Jim insists the way to solve the Social Security crisis is to raise the limit on taxable income. I have read several articles that dispute this approach but I suppose those articles could be wrong and Jim is right. Richard thinks it's best to means test SS benefits. This is one battle in the great debate which is going on right now in our country. It's stupid to think that one side is right and the other side is wrong.
__________________
"By pursuing his own interest he frequently promotes that of the society more effectually than when he really intends to promote it." Adam Smith
Reply With Quote
  #16  
Old 07-04-2011, 10:02 AM
DenvilleSteve DenvilleSteve is offline
 
Join Date: Nov 2006
Posts: 1,460
Default Re: Circle of Protection

Quote:
Originally Posted by Wonderment View Post
Thanks for your patience with Richard, Jim. You told him about 50 times that you agreed with entitlement reform, but he never heard you and kept repeating the same slogans about "one size fits all," as if he were doing a monologue. ...
I am telling you, the country is going to break up because of the liberals. They make no sense. And they don't have the discipline to address one issue at a time. Richard lays out his facts regarding means tested social programs which cost huge amounts of money. Jim responded by talking about the cost of foreign wars.

Look how the elite liberals who staff the Manhattan DA's office took forever to figure out that the maid accusing DSK of rape was herself a scam artist. Because of liberals locking themselves away in their make believe worlds, there is no way we can get thru the turmoil to come and stay intact as a nation.
Reply With Quote
  #17  
Old 07-04-2011, 10:31 AM
badhatharry badhatharry is offline
 
Join Date: Jul 2009
Location: eastern sierra
Posts: 5,413
Default Re: Circle of Protection

Quote:
Originally Posted by DenvilleSteve View Post
I am telling you, the country is going to break up because of the liberals. They make no sense. And they don't have the discipline to address one issue at a time. Richard lays out his facts regarding means tested social programs which cost huge amounts of money. Jim responded by talking about the cost of foreign wars.

Look how the elite liberals who staff the Manhattan DA's office took forever to figure out that the maid accusing DSK of rape was herself a scam artist. Because of liberals locking themselves away in their make believe worlds, there is no way we can get thru the turmoil to come and stay intact as a nation.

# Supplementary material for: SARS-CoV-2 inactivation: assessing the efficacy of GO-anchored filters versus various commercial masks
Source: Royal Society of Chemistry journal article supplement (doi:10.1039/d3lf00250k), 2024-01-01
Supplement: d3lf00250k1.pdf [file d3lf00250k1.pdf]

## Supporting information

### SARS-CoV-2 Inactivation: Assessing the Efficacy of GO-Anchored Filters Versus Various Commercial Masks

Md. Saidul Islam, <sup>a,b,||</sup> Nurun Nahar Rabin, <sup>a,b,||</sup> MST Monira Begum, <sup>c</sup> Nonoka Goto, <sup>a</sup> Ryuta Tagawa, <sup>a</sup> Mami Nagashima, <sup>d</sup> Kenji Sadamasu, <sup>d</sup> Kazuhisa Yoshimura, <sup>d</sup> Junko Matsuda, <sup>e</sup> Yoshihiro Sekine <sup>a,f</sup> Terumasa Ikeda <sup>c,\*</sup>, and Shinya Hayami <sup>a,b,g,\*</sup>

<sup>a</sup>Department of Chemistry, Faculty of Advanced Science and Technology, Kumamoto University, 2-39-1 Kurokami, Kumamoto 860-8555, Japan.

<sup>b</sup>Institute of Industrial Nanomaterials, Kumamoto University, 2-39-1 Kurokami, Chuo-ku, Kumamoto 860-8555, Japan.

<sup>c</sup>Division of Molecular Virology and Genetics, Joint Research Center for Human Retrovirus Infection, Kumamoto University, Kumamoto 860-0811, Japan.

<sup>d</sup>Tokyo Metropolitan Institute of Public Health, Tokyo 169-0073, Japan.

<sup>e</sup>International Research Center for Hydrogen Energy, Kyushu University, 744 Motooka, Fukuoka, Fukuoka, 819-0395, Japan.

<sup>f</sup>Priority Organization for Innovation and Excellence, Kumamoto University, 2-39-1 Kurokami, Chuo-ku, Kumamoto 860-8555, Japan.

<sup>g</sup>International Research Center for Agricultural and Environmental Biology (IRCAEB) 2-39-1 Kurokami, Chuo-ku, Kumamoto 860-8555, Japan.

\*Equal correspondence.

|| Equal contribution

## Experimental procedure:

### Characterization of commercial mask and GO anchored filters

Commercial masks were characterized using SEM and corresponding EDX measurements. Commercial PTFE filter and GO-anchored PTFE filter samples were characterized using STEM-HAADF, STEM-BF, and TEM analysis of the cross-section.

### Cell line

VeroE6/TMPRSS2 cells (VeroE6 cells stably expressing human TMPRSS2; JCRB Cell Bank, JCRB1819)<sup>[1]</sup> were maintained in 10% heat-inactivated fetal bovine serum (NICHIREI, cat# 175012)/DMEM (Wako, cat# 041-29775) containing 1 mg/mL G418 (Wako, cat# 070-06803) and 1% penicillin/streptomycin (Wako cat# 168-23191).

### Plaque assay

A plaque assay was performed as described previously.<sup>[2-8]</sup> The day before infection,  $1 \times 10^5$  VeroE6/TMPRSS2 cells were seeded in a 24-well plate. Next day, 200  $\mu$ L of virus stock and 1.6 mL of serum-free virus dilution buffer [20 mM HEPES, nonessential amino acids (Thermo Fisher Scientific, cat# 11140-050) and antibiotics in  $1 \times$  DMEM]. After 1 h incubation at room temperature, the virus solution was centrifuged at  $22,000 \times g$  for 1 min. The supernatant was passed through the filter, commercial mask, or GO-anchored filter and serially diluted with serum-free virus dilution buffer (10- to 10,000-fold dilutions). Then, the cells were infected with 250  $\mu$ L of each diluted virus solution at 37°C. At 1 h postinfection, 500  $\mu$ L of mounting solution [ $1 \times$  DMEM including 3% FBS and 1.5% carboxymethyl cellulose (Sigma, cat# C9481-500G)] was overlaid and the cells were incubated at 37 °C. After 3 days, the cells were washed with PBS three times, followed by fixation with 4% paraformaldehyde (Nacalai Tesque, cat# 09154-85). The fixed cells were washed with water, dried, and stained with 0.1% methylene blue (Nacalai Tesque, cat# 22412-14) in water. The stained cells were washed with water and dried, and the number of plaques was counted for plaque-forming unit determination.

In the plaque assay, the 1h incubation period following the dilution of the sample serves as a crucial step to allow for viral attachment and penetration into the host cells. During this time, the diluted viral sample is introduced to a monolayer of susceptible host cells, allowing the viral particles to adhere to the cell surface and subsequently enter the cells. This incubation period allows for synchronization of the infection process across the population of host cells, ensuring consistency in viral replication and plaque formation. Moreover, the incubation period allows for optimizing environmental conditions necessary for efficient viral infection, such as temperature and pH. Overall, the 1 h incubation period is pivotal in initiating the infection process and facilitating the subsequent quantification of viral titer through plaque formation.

What the heck are we gonna do? Maybe we should hope for increased global warming so half of us can be wiped off the face of the planet. Hey, just a suggestion.
__________________
"By pursuing his own interest he frequently promotes that of the society more effectually than when he really intends to promote it." Adam Smith
Reply With Quote
  #18  
Old 07-04-2011, 10:40 AM
DenvilleSteve DenvilleSteve is offline
 
Join Date: Nov 2006
Posts: 1,460
Default Re: Circle of Protection

Quote:
Originally Posted by badhatharry View Post
What the heck are we gonna do? Maybe we should hope for increased global warming so half of us can be wiped off the face of the planet. Hey, just a suggestion.
Recognize we are not a united people. We have to let states control their borders and their economies. I think it could all be very nice actually if the mountain west and midwest were an autonomous region. The key is to break the tax power of the feds. Where individuals pay taxes to their state. And the state pays taxes to the feds.
Reply With Quote
  #19  
Old 07-04-2011, 10:49 AM
badhatharry badhatharry is offline
 
Join Date: Jul 2009
Location: eastern sierra
Posts: 5,413
Default Re: Circle of Protection

Quote:
Originally Posted by DenvilleSteve View Post
Recognize we are not a united people. We have to let states control their borders and their economies. I think it could all be very nice actually if the mountain west and midwest were an autonomous region. The key is to break the tax power of the feds. Where individuals pay taxes to their state. And the state pays taxes to the feds.